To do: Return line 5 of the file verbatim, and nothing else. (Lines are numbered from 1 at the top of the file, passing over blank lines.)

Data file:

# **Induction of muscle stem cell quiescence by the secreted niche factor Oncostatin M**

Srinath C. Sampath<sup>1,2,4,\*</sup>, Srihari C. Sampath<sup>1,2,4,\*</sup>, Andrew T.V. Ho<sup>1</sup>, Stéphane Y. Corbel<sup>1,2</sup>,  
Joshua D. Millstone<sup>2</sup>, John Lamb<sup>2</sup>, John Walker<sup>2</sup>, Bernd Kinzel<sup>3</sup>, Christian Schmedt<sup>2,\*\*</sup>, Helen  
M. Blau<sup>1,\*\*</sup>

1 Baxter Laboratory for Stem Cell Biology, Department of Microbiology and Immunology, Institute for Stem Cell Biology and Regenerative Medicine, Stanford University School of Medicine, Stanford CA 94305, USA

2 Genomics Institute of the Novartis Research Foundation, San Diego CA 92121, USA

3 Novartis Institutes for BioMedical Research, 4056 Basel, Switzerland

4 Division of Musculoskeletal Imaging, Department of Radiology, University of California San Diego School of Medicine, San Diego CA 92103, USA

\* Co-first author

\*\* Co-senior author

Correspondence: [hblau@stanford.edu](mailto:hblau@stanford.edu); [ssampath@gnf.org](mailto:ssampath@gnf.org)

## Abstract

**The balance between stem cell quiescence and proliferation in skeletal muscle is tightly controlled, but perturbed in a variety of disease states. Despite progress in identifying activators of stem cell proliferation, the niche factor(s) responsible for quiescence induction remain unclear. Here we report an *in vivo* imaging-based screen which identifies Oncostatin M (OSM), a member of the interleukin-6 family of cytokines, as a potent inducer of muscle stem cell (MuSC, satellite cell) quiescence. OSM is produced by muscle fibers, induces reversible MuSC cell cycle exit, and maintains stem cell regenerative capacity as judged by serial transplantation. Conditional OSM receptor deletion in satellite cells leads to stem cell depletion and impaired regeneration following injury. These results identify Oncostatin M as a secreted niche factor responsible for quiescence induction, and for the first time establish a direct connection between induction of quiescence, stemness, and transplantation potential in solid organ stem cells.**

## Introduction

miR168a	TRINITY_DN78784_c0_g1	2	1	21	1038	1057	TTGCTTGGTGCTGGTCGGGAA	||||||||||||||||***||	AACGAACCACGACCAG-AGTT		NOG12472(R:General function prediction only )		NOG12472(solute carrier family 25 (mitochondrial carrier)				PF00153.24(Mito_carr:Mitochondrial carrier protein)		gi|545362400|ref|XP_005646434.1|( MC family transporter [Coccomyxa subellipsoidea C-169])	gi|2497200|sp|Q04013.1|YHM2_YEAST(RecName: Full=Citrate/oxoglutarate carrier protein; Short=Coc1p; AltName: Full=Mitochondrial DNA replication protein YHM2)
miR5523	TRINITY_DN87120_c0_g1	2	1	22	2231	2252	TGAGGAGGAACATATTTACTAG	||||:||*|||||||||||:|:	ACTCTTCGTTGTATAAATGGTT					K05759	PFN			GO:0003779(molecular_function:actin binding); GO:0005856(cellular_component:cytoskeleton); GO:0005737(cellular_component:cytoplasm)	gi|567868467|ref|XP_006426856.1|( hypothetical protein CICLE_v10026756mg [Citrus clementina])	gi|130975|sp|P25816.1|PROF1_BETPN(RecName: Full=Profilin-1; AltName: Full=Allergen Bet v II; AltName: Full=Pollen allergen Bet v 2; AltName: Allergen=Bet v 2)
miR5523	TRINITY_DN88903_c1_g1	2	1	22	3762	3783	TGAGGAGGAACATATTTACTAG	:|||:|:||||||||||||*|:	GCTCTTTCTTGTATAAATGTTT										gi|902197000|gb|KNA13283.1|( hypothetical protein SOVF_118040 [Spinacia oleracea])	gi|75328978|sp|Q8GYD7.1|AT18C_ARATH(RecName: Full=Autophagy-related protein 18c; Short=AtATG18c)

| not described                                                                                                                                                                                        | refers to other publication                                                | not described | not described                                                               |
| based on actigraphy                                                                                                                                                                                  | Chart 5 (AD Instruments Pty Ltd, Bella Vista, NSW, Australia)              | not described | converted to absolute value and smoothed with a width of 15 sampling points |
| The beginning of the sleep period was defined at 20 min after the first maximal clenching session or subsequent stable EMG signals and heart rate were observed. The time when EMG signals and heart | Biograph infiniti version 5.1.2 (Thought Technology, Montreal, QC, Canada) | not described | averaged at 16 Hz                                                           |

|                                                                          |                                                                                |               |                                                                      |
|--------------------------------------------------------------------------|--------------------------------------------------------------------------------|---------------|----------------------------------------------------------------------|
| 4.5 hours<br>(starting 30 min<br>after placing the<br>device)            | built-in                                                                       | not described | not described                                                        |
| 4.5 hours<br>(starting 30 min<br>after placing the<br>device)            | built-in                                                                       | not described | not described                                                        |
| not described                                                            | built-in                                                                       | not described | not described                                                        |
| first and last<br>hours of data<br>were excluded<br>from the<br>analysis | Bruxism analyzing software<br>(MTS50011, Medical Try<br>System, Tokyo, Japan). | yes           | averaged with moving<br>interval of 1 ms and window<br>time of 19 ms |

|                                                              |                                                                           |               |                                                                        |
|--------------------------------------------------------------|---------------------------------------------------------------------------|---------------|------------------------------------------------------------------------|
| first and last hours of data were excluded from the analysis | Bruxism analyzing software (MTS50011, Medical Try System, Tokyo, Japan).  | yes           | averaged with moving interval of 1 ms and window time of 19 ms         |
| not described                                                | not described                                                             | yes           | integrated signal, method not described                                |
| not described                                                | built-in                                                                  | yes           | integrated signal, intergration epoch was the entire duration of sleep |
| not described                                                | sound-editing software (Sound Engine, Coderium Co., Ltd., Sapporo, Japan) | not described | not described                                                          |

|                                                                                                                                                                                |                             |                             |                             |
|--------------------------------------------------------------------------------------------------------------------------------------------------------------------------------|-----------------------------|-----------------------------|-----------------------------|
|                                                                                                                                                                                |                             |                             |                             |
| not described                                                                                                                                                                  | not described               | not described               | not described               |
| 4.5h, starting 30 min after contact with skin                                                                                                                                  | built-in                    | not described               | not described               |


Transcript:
1 Baxter Laboratory for Stem Cell Biology, Department of Microbiology and Immunology, Institute for Stem Cell Biology and Regenerative Medicine, Stanford University School of Medicine, Stanford CA 94305, USA